The findings may be a signal that more Canadians are choosing to drive after using cannabis.

“It’s concerning that we’re seeing such a dramatic increase,” said Dr. Jeffrey Brubacher (he/him), associate professor in UBC’s department of emergency medicine and the principal investigator of the study.

“There are serious risks associated with driving after cannabis use. Our findings suggest more is needed to deter this dangerous behaviour in light of legalization.


Driving violations spark traffic stop, seizure of cannabis shatter and wax

RCMP car

The products were not marked for sale in Canada or Alberta.

No seatbelt and yapping on a cellphone were more than enough to attract the attention of an Alberta RCMP traffic officer who stopped a driver and subsequently discovered weed products in the vehicle.

The stop occurred at about 11:30 a.m. on Jan. 8, according to CTV News. Tellingly, the officer was working a Safe Roads Enhanced Enforcement shift in Airdrie, Alta. at the time, per Airdrie Today.


When it comes to legal cannabis, Canada’s doing it right


If U.S. policymakers want to better prioritize public health while legalizing cannabis, they should look to Canada's model for ideas, according to a new research report funded by Stanford University.

Keith Humphreys, PhD, the Esther Ting Memorial Professor of psychiatry and behavioral sciences at Stanford Medicine, commissioned the report in his role as co-director of the Stanford Network on Addiction Policy, in an effort to more closely examine Canada's efforts to control marketing of the drug, its use of government-run cannabis retail stores and efforts to reduce youth access to better prevent harmful drug use.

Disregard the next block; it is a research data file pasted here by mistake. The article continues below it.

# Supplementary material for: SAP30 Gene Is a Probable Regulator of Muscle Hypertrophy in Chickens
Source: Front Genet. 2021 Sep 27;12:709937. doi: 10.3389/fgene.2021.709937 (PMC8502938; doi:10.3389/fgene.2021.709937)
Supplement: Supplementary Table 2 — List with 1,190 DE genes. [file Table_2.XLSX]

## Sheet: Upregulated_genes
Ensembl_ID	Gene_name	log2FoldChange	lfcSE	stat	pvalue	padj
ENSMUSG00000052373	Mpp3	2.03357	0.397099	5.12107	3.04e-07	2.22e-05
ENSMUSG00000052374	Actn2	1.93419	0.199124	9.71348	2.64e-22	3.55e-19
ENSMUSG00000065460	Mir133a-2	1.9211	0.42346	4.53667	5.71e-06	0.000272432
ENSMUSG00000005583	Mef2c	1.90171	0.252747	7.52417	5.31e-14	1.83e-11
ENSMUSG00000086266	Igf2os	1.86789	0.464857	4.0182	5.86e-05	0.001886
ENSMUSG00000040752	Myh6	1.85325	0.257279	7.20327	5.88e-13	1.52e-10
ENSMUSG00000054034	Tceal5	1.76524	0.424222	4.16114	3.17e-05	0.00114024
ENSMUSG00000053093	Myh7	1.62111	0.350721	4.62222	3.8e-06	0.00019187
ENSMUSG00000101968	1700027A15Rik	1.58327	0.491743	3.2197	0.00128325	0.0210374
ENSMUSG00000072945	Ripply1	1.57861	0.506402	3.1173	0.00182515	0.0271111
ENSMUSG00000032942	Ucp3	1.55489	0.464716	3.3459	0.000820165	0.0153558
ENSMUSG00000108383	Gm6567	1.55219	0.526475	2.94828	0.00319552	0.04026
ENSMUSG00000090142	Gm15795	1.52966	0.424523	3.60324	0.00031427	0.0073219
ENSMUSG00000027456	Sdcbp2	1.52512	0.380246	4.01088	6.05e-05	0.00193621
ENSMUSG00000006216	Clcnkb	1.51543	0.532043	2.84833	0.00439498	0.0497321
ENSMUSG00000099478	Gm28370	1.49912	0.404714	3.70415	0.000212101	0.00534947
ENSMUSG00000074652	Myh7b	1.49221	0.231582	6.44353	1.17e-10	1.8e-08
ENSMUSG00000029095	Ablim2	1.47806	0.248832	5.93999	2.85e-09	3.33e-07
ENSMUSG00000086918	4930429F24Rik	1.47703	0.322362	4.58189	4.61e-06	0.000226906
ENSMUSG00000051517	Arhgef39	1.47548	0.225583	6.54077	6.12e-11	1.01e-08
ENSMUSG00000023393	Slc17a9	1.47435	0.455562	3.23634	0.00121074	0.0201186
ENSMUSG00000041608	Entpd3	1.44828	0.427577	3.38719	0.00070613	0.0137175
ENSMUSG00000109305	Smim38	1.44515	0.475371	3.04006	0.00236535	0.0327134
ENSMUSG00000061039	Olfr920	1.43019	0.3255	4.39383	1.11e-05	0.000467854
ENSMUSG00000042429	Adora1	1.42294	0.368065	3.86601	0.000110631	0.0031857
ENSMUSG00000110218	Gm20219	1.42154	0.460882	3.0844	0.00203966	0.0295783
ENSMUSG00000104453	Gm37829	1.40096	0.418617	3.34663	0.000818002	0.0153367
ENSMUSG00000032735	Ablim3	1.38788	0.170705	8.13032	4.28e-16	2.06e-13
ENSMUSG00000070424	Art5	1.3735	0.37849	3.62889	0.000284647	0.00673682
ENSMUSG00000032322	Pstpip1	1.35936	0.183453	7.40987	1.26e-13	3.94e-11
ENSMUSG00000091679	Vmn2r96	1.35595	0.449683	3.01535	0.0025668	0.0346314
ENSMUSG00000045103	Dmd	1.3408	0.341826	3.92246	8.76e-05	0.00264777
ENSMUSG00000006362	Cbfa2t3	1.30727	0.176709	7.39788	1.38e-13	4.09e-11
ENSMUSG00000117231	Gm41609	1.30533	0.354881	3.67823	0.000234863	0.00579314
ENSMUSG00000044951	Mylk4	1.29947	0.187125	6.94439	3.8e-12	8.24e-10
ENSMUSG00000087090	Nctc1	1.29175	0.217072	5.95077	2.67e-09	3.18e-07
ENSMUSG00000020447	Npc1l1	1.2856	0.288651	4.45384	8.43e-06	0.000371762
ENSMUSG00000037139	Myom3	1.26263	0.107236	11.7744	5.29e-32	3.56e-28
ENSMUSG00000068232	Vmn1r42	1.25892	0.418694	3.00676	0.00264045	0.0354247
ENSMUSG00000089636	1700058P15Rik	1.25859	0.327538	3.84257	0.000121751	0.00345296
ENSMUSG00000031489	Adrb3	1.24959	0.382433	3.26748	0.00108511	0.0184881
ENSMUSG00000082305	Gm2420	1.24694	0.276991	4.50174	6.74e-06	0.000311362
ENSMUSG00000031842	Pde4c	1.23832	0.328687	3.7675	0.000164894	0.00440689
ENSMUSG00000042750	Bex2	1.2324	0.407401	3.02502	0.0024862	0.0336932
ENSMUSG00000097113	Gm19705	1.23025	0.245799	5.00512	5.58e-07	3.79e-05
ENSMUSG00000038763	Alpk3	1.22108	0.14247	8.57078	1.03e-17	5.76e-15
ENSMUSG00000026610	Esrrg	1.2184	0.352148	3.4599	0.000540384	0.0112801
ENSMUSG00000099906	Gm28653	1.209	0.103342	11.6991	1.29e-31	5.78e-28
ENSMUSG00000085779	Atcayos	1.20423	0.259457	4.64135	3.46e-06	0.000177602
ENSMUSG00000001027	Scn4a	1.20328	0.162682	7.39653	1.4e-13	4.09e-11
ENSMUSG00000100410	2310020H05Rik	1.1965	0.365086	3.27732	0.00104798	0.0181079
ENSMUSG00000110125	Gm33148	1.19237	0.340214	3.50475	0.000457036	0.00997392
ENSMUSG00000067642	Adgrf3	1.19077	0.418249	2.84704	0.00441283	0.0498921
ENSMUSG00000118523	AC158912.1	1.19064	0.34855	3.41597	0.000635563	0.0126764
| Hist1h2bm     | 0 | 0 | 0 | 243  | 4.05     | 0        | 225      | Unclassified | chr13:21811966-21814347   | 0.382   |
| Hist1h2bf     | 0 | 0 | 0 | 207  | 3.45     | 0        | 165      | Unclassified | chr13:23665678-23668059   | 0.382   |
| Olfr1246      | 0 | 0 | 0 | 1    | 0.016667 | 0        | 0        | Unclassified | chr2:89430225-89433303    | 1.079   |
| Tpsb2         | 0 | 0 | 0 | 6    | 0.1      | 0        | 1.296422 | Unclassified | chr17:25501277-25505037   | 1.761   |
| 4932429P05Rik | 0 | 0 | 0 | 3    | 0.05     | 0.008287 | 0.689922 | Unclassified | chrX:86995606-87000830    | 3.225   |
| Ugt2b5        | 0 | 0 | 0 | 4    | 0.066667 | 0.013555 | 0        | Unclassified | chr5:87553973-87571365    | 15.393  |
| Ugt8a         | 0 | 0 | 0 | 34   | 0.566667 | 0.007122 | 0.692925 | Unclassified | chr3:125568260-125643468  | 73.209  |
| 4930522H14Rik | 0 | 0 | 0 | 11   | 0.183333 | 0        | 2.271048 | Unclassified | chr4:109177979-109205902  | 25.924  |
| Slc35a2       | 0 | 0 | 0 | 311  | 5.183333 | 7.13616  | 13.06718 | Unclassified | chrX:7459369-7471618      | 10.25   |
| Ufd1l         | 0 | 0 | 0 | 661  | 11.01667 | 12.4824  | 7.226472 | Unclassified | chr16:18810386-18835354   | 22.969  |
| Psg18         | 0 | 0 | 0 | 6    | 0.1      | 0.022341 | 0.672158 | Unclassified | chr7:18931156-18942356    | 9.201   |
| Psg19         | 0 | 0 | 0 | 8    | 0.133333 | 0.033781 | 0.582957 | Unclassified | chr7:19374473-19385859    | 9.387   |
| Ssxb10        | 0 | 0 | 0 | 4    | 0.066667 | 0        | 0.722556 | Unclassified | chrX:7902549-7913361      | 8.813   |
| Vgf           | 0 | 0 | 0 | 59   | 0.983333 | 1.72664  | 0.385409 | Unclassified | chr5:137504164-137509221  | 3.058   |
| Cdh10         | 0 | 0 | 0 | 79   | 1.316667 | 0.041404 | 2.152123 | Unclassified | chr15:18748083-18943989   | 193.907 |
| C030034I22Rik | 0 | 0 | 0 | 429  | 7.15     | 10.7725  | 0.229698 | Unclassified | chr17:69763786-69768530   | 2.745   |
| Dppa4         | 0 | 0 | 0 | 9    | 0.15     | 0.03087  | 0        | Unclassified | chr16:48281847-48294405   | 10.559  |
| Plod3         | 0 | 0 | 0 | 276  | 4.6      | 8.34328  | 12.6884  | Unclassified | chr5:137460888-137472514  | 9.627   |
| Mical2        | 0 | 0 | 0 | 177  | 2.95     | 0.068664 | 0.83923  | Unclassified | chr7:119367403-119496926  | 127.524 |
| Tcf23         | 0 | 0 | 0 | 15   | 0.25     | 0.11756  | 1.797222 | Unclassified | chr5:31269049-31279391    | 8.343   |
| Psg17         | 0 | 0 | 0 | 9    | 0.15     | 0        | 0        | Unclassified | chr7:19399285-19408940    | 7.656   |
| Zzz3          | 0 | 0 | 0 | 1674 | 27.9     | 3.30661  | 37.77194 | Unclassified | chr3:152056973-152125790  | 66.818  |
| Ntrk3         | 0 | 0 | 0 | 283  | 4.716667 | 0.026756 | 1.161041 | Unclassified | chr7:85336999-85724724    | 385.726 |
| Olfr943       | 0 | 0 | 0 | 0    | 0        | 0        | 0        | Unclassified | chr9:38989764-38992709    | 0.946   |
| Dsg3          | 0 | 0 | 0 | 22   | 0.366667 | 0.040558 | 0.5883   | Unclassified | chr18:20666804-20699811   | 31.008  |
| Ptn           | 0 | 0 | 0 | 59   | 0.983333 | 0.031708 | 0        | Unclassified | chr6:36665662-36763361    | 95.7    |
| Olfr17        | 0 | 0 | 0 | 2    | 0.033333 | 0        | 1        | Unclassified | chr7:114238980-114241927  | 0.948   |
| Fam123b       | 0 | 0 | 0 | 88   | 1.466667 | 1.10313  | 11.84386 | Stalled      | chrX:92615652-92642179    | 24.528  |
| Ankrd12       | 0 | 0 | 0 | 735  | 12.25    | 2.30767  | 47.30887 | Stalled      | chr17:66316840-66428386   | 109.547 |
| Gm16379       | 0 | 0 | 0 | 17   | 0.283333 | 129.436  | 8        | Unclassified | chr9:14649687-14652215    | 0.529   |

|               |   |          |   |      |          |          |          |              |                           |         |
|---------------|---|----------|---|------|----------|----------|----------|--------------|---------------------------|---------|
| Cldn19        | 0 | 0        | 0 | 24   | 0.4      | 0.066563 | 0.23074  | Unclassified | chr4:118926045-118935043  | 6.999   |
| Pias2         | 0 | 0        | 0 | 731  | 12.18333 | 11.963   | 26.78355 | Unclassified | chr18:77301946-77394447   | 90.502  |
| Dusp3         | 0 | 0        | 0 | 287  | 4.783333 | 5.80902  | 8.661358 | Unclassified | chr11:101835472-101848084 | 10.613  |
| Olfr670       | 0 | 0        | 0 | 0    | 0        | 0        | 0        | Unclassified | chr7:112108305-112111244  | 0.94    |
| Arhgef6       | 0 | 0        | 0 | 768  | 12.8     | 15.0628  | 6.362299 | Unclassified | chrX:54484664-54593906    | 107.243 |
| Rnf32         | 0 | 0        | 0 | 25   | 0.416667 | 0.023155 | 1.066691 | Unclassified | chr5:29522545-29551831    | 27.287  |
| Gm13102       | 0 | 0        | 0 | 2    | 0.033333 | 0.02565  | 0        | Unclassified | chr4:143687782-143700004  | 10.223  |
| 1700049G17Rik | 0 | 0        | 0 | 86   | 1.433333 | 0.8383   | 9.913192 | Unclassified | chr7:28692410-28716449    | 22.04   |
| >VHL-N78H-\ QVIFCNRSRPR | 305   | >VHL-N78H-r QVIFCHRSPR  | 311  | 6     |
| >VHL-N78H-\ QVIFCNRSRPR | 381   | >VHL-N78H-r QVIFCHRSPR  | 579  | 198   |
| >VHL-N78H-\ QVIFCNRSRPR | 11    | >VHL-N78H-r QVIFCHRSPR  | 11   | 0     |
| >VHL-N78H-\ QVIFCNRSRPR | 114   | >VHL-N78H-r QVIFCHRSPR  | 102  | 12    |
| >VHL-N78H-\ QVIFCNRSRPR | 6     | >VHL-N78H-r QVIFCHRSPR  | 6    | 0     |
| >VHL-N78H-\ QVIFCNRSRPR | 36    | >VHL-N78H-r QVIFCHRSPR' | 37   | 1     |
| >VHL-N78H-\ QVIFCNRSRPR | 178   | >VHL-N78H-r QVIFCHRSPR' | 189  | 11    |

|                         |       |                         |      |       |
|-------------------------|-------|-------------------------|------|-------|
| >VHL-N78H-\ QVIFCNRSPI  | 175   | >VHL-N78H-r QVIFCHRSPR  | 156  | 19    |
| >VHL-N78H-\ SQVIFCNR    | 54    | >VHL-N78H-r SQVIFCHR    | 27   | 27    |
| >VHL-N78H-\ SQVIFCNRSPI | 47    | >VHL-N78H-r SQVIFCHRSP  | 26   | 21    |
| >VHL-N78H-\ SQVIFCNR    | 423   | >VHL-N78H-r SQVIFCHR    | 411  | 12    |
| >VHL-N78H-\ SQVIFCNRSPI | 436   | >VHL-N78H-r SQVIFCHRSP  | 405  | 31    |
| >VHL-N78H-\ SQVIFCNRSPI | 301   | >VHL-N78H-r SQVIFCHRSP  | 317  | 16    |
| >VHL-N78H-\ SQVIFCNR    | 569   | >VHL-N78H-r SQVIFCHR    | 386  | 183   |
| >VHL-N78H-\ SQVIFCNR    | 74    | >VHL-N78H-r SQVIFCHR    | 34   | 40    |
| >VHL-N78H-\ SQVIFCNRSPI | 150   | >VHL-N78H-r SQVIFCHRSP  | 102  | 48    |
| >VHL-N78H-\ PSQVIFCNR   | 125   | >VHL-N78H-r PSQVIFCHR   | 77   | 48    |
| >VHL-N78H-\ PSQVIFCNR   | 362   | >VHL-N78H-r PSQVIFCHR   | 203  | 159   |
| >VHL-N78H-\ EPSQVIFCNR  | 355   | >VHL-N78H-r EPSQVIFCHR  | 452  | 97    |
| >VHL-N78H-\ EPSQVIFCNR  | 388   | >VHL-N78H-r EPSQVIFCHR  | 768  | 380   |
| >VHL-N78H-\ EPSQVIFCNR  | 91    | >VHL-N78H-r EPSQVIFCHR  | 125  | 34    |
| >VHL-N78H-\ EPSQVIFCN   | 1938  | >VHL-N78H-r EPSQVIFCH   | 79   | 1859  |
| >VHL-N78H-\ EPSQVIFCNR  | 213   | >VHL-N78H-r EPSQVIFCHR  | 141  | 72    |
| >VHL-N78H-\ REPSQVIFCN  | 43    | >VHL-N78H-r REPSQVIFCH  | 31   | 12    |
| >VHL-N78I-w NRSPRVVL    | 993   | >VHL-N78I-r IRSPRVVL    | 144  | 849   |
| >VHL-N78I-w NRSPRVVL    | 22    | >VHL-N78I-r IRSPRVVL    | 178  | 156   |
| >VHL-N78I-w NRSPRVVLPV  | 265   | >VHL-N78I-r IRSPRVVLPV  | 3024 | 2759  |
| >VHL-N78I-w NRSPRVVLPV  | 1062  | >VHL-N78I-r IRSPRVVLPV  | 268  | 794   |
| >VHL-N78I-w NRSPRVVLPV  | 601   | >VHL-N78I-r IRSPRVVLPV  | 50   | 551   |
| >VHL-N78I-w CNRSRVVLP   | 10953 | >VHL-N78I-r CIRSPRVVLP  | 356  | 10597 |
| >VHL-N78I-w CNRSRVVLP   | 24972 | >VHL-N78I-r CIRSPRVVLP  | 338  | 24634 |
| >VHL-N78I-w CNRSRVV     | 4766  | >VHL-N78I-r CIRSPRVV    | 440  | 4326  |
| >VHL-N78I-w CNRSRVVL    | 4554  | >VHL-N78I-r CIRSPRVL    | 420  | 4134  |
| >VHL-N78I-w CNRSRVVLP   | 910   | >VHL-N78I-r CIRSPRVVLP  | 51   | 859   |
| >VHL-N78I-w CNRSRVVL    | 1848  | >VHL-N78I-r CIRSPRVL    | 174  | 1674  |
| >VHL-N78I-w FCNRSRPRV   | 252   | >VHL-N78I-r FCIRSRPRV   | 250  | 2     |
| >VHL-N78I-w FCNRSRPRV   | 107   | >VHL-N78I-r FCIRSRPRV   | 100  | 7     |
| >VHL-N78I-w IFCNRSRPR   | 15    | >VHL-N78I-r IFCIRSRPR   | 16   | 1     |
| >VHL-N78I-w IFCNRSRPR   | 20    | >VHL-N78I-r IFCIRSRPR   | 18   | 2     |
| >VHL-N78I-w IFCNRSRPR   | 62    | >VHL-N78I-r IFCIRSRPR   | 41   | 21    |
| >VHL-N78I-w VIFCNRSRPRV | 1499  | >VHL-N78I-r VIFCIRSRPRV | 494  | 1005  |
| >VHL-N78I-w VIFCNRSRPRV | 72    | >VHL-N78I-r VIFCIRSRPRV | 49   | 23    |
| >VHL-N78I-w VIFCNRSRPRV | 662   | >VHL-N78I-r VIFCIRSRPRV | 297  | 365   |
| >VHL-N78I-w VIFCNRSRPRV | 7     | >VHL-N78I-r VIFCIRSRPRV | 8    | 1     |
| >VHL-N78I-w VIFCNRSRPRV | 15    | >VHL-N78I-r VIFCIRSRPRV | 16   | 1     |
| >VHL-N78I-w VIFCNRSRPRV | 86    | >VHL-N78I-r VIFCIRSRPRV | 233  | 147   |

I talked with Humphreys about the results of the study and how it could be useful in forming future policy in the United States.


Early morning house fire

house fire

One taken to hospital with smoke inhalation after early morning house fire in Vernon

One person was taken to hospital with smoke inhalation after an early morning house fire in Vernon Tuesday.

Firefighters were dispatched to the 25th Avenue fire about 1:10 a.m. following report of smoke coming from a single-storey house on the 3600 block.

Crews arrived to find heavy smoke coming from the front of the structure.

“Crews advanced on the fire and quickly contained it to the front portion of the house,” says deputy fire chief Alan Hofsink.

“The house sustained significant smoke and fire damage. When crews arrived, all occupants of the home were already outside, and one person was transported to hospital for smoke inhalation and undetermined injuries.”


Covid Vaccinations Quadruple In Quebec Ahead Of Liquor, Cannabis Store Restrictions


Quebec officials have reported the number of first-dose appointments for Covid-19 vaccines have quadrupled after announcing that vaccination passports will be required to enter liquor and cannabis stores.